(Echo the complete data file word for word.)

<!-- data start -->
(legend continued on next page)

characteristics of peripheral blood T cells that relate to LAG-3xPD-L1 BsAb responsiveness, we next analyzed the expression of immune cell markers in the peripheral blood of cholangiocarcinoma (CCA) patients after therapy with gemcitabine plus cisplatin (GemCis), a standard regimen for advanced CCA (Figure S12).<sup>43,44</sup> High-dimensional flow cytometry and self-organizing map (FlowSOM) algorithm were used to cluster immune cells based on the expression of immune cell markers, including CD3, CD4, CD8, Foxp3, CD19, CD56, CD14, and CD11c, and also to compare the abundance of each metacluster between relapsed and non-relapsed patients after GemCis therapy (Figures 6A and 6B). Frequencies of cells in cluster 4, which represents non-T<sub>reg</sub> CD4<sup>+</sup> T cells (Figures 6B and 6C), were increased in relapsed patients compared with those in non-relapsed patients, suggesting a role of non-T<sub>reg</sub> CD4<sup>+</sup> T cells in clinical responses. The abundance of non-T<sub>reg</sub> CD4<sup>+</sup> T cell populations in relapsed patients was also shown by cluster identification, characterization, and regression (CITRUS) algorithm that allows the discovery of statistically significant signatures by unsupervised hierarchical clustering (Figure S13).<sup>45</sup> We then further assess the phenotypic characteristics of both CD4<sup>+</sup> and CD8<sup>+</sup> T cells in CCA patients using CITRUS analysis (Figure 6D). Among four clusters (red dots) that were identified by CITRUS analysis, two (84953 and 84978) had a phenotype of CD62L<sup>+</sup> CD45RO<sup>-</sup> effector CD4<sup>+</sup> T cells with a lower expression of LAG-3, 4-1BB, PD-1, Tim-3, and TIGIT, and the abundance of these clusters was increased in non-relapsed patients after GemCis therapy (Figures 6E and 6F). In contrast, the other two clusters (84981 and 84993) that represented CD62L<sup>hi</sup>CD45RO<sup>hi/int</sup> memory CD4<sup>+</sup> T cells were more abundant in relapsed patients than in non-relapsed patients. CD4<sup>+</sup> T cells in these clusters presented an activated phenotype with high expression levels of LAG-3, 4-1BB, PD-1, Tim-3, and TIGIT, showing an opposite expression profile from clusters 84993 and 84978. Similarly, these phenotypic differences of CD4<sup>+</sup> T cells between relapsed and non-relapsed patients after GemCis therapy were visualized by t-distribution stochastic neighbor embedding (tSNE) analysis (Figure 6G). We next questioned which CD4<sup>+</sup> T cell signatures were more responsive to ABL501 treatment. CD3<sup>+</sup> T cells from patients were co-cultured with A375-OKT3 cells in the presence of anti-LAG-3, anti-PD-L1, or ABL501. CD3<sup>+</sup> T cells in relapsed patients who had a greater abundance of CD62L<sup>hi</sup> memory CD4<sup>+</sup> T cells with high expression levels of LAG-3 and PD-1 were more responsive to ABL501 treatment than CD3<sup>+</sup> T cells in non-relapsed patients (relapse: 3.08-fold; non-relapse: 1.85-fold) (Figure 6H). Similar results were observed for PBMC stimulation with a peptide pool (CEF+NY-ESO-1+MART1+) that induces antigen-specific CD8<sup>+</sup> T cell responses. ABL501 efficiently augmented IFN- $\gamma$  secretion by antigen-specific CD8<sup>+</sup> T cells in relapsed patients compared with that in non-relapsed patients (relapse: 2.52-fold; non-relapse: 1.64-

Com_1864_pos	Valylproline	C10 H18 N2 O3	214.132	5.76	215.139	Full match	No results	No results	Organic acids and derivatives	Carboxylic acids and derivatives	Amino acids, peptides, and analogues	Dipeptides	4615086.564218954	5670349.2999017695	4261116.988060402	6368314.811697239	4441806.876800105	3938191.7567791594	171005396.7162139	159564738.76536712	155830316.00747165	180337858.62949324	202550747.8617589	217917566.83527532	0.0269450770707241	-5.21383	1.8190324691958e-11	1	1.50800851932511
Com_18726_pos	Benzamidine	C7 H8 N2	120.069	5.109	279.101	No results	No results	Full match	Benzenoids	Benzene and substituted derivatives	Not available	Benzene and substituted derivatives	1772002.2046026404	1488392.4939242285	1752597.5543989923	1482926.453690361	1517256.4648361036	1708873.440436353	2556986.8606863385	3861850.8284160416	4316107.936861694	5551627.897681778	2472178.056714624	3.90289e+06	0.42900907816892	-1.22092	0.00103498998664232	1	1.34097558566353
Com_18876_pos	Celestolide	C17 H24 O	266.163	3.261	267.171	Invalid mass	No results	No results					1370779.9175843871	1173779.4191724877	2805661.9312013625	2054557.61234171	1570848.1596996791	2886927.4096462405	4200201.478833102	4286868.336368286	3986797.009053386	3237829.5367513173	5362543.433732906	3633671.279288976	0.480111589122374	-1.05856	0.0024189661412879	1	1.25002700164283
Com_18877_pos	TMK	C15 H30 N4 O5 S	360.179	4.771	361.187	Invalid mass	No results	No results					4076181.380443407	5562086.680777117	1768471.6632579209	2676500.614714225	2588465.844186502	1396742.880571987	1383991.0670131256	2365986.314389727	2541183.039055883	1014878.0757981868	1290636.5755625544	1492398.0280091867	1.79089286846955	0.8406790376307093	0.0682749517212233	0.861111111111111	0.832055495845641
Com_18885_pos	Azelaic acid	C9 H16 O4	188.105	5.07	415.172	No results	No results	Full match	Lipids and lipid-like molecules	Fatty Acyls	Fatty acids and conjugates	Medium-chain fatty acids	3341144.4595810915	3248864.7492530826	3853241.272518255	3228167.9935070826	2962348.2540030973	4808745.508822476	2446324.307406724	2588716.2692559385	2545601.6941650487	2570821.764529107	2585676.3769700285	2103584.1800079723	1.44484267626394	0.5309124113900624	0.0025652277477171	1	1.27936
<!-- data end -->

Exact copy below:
(legend continued on next page)

characteristics of peripheral blood T cells that relate to LAG-3xPD-L1 BsAb responsiveness, we next analyzed the expression of immune cell markers in the peripheral blood of cholangiocarcinoma (CCA) patients after therapy with gemcitabine plus cisplatin (GemCis), a standard regimen for advanced CCA (Figure S12).<sup>43,44</sup> High-dimensional flow cytometry and self-organizing map (FlowSOM) algorithm were used to cluster immune cells based on the expression of immune cell markers, including CD3, CD4, CD8, Foxp3, CD19, CD56, CD14, and CD11c, and also to compare the abundance of each metacluster between relapsed and non-relapsed patients after GemCis therapy (Figures 6A and 6B). Frequencies of cells in cluster 4, which represents non-T<sub>reg</sub> CD4<sup>+</sup> T cells (Figures 6B and 6C), were increased in relapsed patients compared with those in non-relapsed patients, suggesting a role of non-T<sub>reg</sub> CD4<sup>+</sup> T cells in clinical responses. The abundance of non-T<sub>reg</sub> CD4<sup>+</sup> T cell populations in relapsed patients was also shown by cluster identification, characterization, and regression (CITRUS) algorithm that allows the discovery of statistically significant signatures by unsupervised hierarchical clustering (Figure S13).<sup>45</sup> We then further assess the phenotypic characteristics of both CD4<sup>+</sup> and CD8<sup>+</sup> T cells in CCA patients using CITRUS analysis (Figure 6D). Among four clusters (red dots) that were identified by CITRUS analysis, two (84953 and 84978) had a phenotype of CD62L<sup>+</sup> CD45RO<sup>-</sup> effector CD4<sup>+</sup> T cells with a lower expression of LAG-3, 4-1BB, PD-1, Tim-3, and TIGIT, and the abundance of these clusters was increased in non-relapsed patients after GemCis therapy (Figures 6E and 6F). In contrast, the other two clusters (84981 and 84993) that represented CD62L<sup>hi</sup>CD45RO<sup>hi/int</sup> memory CD4<sup>+</sup> T cells were more abundant in relapsed patients than in non-relapsed patients. CD4<sup>+</sup> T cells in these clusters presented an activated phenotype with high expression levels of LAG-3, 4-1BB, PD-1, Tim-3, and TIGIT, showing an opposite expression profile from clusters 84993 and 84978. Similarly, these phenotypic differences of CD4<sup>+</sup> T cells between relapsed and non-relapsed patients after GemCis therapy were visualized by t-distribution stochastic neighbor embedding (tSNE) analysis (Figure 6G). We next questioned which CD4<sup>+</sup> T cell signatures were more responsive to ABL501 treatment. CD3<sup>+</sup> T cells from patients were co-cultured with A375-OKT3 cells in the presence of anti-LAG-3, anti-PD-L1, or ABL501. CD3<sup>+</sup> T cells in relapsed patients who had a greater abundance of CD62L<sup>hi</sup> memory CD4<sup>+</sup> T cells with high expression levels of LAG-3 and PD-1 were more responsive to ABL501 treatment than CD3<sup>+</sup> T cells in non-relapsed patients (relapse: 3.08-fold; non-relapse: 1.85-fold) (Figure 6H). Similar results were observed for PBMC stimulation with a peptide pool (CEF+NY-ESO-1+MART1+) that induces antigen-specific CD8<sup>+</sup> T cell responses. ABL501 efficiently augmented IFN- $\gamma$  secretion by antigen-specific CD8<sup>+</sup> T cells in relapsed patients compared with that in non-relapsed patients (relapse: 2.52-fold; non-relapse: 1.64-

Com_1864_pos	Valylproline	C10 H18 N2 O3	214.132	5.76	215.139	Full match	No results	No results	Organic acids and derivatives	Carboxylic acids and derivatives	Amino acids, peptides, and analogues	Dipeptides	4615086.564218954	5670349.2999017695	4261116.988060402	6368314.811697239	4441806.876800105	3938191.7567791594	171005396.7162139	159564738.76536712	155830316.00747165	180337858.62949324	202550747.8617589	217917566.83527532	0.0269450770707241	-5.21383	1.8190324691958e-11	1	1.50800851932511
Com_18726_pos	Benzamidine	C7 H8 N2	120.069	5.109	279.101	No results	No results	Full match	Benzenoids	Benzene and substituted derivatives	Not available	Benzene and substituted derivatives	1772002.2046026404	1488392.4939242285	1752597.5543989923	1482926.453690361	1517256.4648361036	1708873.440436353	2556986.8606863385	3861850.8284160416	4316107.936861694	5551627.897681778	2472178.056714624	3.90289e+06	0.42900907816892	-1.22092	0.00103498998664232	1	1.34097558566353
Com_18876_pos	Celestolide	C17 H24 O	266.163	3.261	267.171	Invalid mass	No results	No results					1370779.9175843871	1173779.4191724877	2805661.9312013625	2054557.61234171	1570848.1596996791	2886927.4096462405	4200201.478833102	4286868.336368286	3986797.009053386	3237829.5367513173	5362543.433732906	3633671.279288976	0.480111589122374	-1.05856	0.0024189661412879	1	1.25002700164283
Com_18877_pos	TMK	C15 H30 N4 O5 S	360.179	4.771	361.187	Invalid mass	No results	No results					4076181.380443407	5562086.680777117	1768471.6632579209	2676500.614714225	2588465.844186502	1396742.880571987	1383991.0670131256	2365986.314389727	2541183.039055883	1014878.0757981868	1290636.5755625544	1492398.0280091867	1.79089286846955	0.8406790376307093	0.0682749517212233	0.861111111111111	0.832055495845641
Com_18885_pos	Azelaic acid	C9 H16 O4	188.105	5.07	415.172	No results	No results	Full match	Lipids and lipid-like molecules	Fatty Acyls	Fatty acids and conjugates	Medium-chain fatty acids	3341144.4595810915	3248864.7492530826	3853241.272518255	3228167.9935070826	2962348.2540030973	4808745.508822476	2446324.307406724	2588716.2692559385	2545601.6941650487	2570821.764529107	2585676.3769700285	2103584.1800079723	1.44484267626394	0.5309124113900624	0.0025652277477171	1	1.27936